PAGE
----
Saturday, 21 November 2009
That Television Calling Card Script.
So I’ve been out of university for awhile and still feel overwhelmed at the amount of screenwriting and industry advice/information available; the monumental task ahead of me in all its stages and phases; the route possibilities and pathways; all compiled with all the other things I want to do like living, writing and stuff. However, one decision has made its way to the forefront and is such an obvious one: to write something. But not just anything.
I'm on the back of a serious two year relationship with WWII Drama and recently have been engaging in many flirts and not committing to anything. But the good news is I'm done playing the field and ready to step into something serious again.
But it would be foolish of me to just write whatever I liked because at this point in my life everything I'm doing is working towards an ultimate goal. So like in a script every line of dialogue and action needs to be leading somewhere; it needs to have a point and a purpose within the bigger picture. So everything that I do and write now needs to have that same point and purpose and be leading somewhere.
It may appear obvious, although not everyone realises that what they write for television needs to be relevant in today's world, suitable for the small screen and is what is wanted by the industry. So this has become my new romance or rather, an old flame I patched things up with.
So the television calling card script is my next target, challenge and focal point for the next six months or so. If all goes to plan it will also form as my entry to the Emmy script competition for 2010.
With this script I'm aiming to demonstrate that I can write effectively within the world of television and write the type of script that people are looking for. Ultimately, it will be used to sell myself as a writer and only time will tell if it's the best possible script to do that.
So there are some basic questions to ask myself before proceeding into the project to make sure I stand the best chance possible in writing a great, relevant and suitable script:
Have I picked the right story that will drive me through the next six months and not leave me having to carry it through or give up on?
Does it move me? Am I passionate enough about it? Do I care about the characters? Is it uplifting, tragic or inspiring?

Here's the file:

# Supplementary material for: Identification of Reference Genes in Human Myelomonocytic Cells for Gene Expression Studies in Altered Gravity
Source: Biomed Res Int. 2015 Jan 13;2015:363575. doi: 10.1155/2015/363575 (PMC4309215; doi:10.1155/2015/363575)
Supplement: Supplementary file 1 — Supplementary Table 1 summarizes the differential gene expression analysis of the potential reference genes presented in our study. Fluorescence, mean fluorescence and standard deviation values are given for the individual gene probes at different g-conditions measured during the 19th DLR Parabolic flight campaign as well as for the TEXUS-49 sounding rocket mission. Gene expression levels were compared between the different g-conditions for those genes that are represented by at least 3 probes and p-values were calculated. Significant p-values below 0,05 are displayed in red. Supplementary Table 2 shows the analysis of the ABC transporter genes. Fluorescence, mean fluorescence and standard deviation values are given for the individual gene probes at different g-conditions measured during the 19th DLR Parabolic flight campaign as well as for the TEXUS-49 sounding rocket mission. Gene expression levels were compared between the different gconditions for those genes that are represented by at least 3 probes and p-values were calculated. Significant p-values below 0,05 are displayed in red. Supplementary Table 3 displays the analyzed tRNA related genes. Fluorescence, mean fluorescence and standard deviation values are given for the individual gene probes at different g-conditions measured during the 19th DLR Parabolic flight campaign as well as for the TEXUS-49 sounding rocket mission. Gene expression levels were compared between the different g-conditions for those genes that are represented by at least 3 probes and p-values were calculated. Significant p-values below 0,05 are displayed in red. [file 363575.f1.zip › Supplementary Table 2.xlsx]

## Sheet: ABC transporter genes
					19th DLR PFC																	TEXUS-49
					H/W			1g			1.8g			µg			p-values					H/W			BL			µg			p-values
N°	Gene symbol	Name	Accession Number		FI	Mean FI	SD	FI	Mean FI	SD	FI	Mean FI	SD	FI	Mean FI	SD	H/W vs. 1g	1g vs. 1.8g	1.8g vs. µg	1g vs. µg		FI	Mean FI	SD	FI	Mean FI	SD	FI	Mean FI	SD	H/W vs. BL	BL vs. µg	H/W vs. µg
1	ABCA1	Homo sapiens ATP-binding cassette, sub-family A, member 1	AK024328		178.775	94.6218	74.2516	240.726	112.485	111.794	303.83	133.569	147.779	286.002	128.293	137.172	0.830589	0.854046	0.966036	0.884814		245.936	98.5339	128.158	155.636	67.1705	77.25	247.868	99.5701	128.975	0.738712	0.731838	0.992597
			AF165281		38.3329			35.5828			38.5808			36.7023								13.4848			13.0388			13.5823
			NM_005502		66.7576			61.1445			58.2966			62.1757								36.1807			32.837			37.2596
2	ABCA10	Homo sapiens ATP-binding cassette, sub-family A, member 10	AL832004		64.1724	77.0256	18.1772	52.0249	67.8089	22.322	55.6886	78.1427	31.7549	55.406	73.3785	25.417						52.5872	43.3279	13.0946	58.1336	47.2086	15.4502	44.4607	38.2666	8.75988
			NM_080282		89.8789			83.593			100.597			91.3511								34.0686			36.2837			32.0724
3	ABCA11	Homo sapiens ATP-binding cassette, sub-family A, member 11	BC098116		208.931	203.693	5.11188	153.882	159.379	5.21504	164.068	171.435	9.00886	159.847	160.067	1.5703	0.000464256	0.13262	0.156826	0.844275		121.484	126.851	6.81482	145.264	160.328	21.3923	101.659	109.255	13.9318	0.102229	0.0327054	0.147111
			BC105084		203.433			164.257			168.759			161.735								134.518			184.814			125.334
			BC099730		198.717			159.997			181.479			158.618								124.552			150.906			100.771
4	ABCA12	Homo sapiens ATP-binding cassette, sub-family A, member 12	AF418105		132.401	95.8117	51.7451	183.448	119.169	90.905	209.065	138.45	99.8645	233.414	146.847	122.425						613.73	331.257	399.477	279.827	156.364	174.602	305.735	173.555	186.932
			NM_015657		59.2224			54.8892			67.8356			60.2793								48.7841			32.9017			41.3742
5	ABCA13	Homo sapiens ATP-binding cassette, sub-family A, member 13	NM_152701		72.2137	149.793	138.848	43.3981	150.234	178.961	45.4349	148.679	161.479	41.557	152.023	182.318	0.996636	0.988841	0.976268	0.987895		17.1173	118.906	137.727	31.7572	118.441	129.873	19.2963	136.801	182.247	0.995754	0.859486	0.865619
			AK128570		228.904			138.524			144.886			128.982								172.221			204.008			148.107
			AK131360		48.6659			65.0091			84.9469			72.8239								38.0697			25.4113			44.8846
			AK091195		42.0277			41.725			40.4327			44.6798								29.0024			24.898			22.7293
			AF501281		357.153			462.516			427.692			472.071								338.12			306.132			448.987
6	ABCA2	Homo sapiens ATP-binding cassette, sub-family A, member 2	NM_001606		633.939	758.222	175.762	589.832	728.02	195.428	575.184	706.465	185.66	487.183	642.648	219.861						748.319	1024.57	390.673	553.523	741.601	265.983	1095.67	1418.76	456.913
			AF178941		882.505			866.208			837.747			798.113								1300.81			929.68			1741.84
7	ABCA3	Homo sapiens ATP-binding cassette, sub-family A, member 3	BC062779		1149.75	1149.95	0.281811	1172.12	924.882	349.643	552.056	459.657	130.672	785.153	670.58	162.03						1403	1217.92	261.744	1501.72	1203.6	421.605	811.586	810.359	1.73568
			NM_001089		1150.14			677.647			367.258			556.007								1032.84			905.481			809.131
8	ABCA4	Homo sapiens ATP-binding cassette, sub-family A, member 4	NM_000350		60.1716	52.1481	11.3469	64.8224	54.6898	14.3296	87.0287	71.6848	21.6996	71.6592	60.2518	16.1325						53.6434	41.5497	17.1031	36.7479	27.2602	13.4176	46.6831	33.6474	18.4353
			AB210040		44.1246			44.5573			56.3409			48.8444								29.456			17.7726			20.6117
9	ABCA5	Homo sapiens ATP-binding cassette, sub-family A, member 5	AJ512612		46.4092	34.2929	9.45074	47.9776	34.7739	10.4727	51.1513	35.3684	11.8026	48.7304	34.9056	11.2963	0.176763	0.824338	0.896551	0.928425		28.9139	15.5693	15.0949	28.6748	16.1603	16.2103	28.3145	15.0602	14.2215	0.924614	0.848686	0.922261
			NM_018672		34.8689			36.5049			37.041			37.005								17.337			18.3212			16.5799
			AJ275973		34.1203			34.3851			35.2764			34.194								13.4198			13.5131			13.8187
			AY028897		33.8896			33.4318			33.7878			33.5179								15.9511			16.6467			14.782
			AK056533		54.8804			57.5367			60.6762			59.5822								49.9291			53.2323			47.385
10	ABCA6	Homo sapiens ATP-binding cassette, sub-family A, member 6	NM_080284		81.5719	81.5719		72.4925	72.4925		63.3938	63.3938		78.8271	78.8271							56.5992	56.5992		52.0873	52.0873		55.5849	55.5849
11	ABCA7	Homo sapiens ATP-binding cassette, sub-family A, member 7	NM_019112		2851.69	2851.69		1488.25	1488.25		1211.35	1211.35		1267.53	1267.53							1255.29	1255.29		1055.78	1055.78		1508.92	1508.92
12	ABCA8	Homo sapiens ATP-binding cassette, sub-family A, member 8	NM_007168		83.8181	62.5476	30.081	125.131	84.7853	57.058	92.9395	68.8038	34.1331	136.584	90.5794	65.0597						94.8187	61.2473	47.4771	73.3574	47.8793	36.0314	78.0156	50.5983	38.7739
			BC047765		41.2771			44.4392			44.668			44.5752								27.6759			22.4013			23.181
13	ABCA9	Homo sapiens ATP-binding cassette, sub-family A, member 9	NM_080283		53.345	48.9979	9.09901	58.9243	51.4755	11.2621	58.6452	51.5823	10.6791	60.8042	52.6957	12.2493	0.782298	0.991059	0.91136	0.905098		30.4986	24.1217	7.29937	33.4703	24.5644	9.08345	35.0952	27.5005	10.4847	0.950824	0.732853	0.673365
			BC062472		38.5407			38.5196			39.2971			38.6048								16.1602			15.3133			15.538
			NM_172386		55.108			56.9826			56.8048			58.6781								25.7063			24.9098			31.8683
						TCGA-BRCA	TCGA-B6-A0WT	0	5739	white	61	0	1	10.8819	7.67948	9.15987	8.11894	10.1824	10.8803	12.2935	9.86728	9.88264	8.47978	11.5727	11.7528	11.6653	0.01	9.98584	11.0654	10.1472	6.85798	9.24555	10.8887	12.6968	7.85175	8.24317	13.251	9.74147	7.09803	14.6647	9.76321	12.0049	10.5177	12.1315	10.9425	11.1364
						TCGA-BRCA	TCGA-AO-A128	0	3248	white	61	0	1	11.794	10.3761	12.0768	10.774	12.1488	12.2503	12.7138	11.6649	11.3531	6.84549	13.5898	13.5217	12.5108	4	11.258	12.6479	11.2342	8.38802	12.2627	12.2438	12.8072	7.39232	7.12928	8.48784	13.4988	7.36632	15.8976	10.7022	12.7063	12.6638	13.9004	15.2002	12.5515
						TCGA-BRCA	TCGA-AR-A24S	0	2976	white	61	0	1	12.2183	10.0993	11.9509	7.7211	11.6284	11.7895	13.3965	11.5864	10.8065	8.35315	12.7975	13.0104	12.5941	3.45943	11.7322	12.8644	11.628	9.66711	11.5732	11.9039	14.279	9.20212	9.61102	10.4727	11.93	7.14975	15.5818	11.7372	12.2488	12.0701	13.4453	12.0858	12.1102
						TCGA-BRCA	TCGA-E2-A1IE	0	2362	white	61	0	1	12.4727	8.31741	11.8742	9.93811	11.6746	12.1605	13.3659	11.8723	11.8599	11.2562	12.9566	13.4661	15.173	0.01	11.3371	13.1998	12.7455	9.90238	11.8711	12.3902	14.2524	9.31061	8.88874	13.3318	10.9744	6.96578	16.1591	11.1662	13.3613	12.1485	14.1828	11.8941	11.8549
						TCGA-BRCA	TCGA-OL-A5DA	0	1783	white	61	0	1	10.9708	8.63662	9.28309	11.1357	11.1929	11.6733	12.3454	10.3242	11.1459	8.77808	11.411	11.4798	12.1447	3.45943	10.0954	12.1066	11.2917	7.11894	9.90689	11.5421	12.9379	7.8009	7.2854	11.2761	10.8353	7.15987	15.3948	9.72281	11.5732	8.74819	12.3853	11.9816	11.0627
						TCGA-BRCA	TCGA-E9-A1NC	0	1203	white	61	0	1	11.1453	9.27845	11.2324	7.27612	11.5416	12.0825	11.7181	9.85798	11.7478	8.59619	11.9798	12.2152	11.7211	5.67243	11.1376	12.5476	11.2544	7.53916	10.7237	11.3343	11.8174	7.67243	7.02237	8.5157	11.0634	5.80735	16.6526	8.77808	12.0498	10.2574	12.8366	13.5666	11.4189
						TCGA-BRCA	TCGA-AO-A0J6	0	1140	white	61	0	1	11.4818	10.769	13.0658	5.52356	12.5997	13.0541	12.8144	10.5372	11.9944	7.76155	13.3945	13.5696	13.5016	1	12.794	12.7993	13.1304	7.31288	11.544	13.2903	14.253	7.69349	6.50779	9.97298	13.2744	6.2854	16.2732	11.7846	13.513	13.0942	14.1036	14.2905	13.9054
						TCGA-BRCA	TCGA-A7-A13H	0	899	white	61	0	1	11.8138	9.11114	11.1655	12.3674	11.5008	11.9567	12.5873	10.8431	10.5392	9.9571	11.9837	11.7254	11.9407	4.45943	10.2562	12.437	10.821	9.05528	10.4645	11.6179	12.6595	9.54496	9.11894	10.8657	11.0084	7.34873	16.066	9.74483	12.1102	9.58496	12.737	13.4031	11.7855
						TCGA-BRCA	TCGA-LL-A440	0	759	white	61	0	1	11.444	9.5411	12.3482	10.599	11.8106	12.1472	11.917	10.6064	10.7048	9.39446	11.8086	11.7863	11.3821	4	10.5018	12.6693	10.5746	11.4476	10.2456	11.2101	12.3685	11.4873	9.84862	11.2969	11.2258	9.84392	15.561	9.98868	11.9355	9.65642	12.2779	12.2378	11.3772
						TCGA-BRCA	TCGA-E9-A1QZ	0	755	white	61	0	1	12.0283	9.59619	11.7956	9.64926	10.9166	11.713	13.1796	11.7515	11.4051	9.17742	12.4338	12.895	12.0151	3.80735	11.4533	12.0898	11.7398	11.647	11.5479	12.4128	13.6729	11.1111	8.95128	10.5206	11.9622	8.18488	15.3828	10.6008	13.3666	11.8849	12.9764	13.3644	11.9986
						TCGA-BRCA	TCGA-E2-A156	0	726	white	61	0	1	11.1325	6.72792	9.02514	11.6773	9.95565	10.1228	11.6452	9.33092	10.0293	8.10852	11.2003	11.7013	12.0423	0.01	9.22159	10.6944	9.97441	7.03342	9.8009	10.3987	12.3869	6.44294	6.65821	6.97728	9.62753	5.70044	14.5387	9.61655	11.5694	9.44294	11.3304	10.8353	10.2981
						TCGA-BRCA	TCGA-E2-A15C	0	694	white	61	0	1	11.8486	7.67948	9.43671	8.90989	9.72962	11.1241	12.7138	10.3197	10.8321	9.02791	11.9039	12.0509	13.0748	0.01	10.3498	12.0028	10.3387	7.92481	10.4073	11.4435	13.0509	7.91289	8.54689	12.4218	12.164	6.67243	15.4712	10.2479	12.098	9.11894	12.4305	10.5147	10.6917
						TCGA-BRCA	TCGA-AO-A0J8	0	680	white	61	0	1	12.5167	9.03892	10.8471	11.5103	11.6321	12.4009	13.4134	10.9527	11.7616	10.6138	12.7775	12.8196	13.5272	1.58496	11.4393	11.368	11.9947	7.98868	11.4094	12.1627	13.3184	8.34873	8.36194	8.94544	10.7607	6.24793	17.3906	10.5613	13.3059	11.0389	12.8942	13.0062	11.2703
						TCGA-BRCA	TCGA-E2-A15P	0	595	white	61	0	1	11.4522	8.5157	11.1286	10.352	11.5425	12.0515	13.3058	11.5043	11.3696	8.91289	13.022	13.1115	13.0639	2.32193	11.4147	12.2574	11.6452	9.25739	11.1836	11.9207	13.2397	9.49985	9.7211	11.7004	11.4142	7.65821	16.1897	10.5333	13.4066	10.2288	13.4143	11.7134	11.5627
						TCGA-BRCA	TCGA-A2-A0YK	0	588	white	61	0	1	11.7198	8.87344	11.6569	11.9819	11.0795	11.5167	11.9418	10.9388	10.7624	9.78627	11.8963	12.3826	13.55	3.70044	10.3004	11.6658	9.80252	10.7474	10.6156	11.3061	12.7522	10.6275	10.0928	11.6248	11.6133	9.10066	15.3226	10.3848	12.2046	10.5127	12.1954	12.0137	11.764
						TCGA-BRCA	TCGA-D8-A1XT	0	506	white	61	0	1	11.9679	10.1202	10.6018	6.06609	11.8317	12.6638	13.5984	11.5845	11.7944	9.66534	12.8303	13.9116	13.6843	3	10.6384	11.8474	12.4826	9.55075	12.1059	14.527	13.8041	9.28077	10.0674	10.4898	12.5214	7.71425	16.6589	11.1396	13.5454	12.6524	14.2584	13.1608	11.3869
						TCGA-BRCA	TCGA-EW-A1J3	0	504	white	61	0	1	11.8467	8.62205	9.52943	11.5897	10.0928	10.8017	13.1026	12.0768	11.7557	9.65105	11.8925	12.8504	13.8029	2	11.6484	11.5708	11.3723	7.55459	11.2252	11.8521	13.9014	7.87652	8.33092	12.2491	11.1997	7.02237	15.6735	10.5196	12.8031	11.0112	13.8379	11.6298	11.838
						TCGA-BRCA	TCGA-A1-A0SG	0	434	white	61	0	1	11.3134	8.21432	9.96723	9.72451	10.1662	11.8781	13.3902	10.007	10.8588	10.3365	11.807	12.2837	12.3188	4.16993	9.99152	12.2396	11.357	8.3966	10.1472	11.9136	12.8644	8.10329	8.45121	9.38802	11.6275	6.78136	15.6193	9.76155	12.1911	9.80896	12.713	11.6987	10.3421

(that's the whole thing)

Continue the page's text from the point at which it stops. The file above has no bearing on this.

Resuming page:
Is it suitable for television?
Is it a contemporary drama or sitcom? Will it have a realistic budget? Few characters and a general location?
Is it relevant and dramatic enough for television?
Is it relevant to recent national events/issues? Is the issue/event explored in terms of character action and change? Is it emotionally engaging?
Is it relevant and suitable in relation to what's on television now or has been in the past? To what's in demand?
Does it fit into a specific television slot and style of programming? Has it been done or explored before?
Will it be visually appealing?
Is it set in a visually interesting location? Is the location symbolic in any way to the characters and the story? Will it take place as much outdoors as it does indoors?
-- End to the line of questioning --
I am equally excited and anxious at writing this story but feel it's the right time to do so. So with all these initial factors and questions answered in my head, it’s time to get on and commit to this.
However, the usual last minute worry and concern remains:
That it might not fit the sixty minutes, be realistic enough, or even work as a television drama.
That's what rewriting is for. So it's nothing to worry about until there's a first draft. A television calling card script can be up to 90mins for a contemporary drama (30mins for a sitcom). But for now, it's important to just get something written down and then go from there.
Now onto an exciting and intimidating set of words:
- ► 2010 (17)
- ▼ November (3)
- ► 2008 (31)
- ► 2007 (24)